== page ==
I think that feeds him in some way, and he is content with that. Her muffins, crusty and full of heavy, rough grain, don’t seem to be enough for him any more now that he is dead. He needs something more ephemeral, more like rains that come before you notice they are gone, misting the air, glinting the beard, lifting the eyes to see if it is snow or fine rain, and then, the day turns. And she is happy to give off the ephemeral, especially as her vision is now clouding more, her eyes becoming slightly whitened, the blue of her irises more icy, her eyes more often turned upwards. Her face is becoming more white, and her shoes are becoming more dusty, and to me, she looks so beautiful next to the black birds now.
I love it when they pass by her, or come in front of her to listen to her sing. At least I think they listen. They are never quiet, themselves, but they do cock their heads and walk more slowly when she hums. Their feathers take on a blue sheen sometimes in the sunlight, which goes so well with the green of the terraces. I think her humming is about that sometimes. She doesn’t hum in words, but I think I know what she means sometimes anyway. I think there is some other clue about what is on her mind that I don’t always understand. But when I cock my head like the birds and walk slowly around her while she hums, I feel I almost know what she is singing to herself, and when I see grandfather smile sometimes just at the same time I do, I think maybe he knows too. That makes me smile more.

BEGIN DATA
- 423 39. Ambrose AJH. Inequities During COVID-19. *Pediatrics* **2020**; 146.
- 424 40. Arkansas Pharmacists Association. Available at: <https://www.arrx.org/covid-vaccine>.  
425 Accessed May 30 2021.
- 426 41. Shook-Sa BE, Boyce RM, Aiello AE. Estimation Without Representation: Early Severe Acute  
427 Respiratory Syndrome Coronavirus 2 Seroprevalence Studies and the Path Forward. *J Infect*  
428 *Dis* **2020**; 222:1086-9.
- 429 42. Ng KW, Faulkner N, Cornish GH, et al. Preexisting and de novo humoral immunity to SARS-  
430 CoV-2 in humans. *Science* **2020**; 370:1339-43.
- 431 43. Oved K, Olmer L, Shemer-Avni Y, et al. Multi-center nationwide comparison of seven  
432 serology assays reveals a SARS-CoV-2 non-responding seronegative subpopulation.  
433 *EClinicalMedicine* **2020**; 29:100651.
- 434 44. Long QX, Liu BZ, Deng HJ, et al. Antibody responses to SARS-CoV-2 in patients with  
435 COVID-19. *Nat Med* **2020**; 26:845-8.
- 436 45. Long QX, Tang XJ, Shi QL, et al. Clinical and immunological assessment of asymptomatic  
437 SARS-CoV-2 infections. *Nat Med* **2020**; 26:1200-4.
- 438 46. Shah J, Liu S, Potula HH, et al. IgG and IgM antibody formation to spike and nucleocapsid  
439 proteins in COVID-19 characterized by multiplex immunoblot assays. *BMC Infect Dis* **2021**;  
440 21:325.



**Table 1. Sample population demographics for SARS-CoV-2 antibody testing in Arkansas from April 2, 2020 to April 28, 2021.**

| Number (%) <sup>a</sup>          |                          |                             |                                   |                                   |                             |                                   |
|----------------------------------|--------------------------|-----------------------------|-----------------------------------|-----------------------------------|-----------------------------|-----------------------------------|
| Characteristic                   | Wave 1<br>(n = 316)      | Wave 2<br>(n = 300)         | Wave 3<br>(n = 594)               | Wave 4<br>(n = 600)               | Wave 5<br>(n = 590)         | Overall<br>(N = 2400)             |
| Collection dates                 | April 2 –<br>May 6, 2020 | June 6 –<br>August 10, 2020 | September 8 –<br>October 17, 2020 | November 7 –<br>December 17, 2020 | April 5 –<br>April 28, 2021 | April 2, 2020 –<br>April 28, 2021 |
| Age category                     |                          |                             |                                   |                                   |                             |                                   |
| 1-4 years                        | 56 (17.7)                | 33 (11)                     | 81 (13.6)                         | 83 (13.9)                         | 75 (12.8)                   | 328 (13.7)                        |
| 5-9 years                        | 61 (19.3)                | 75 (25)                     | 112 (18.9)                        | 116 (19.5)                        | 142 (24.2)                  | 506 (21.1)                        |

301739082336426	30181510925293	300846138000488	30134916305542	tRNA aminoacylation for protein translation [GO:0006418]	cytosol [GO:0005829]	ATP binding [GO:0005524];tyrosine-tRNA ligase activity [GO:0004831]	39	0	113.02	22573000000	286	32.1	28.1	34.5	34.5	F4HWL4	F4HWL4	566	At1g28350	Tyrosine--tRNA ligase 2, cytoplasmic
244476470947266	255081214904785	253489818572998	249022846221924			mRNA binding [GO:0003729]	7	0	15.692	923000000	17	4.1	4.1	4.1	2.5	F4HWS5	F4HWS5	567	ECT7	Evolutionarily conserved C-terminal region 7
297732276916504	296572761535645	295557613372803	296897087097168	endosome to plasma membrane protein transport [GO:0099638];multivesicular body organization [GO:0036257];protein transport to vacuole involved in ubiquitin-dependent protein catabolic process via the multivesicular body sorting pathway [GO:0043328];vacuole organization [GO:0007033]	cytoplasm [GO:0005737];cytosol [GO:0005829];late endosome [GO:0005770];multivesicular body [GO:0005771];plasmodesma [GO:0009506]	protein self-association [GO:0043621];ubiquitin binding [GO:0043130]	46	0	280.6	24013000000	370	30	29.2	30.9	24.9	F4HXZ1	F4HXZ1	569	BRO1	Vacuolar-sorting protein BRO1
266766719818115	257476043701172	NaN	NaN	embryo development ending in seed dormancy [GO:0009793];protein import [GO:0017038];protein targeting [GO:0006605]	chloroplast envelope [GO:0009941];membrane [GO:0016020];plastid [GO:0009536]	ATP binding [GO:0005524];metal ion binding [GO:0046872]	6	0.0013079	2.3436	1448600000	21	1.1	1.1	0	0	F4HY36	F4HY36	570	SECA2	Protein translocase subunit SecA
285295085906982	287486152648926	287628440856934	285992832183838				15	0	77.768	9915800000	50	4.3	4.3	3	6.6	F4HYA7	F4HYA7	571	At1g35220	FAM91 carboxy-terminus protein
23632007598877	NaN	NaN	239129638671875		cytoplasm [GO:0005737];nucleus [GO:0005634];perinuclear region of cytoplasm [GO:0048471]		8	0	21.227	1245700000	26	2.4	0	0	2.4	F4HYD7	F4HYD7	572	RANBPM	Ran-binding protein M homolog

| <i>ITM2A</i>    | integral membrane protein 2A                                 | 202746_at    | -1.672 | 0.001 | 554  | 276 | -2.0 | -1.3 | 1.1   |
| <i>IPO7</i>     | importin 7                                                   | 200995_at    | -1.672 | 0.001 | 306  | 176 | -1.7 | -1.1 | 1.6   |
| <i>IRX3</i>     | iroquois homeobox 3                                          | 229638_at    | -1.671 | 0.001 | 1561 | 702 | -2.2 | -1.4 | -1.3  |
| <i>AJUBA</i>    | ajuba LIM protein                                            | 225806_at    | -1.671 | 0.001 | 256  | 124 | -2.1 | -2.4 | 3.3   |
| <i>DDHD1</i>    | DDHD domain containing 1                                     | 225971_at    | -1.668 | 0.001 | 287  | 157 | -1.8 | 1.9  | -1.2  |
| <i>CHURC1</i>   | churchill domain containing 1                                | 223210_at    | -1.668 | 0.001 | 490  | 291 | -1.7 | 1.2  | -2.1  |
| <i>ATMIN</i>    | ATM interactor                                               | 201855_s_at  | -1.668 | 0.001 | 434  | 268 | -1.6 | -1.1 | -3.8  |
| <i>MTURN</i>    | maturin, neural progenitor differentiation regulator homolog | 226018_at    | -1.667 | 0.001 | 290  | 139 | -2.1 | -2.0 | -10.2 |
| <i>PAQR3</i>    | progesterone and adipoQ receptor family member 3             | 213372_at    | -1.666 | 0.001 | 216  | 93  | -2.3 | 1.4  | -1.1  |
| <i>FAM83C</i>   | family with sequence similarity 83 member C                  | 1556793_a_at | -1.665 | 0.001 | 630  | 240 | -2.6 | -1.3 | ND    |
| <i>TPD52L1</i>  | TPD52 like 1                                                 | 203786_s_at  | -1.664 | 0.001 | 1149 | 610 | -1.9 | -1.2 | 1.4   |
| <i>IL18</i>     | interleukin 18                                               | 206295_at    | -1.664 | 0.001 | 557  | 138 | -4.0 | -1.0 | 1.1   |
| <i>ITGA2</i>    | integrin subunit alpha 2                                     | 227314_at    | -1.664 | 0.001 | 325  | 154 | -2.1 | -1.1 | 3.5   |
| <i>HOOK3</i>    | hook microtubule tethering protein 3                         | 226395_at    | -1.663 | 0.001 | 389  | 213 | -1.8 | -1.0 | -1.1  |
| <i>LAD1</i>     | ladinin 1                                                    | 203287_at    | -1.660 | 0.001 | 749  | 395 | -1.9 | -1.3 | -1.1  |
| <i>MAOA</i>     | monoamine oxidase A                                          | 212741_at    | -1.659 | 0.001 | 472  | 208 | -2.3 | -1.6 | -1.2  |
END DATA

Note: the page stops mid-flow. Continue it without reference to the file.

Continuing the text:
The birds are the enemies of sleep, when we take our naps in the heat, and I once threw rocks at them when I was a boy. They flew at me and shattered my sense of myself, and I have never been the same. I have never thrown rocks at any living thing since that time. Instead, I have learned that rocks are living things, grass is a living thing, my dead grandfather is a living thing, and that is what allowed me to first start flying, myself. I began by flying at myself, shattering what I once knew, and no one seemed to mind. Uh, they said. Looks like Arturios flying again. And they’d go back to work. I wanted them to care. I wanted them to notice. None of them flew, except my grandmother once when the muffins were done and the birds were starting to come to the window and peck at them.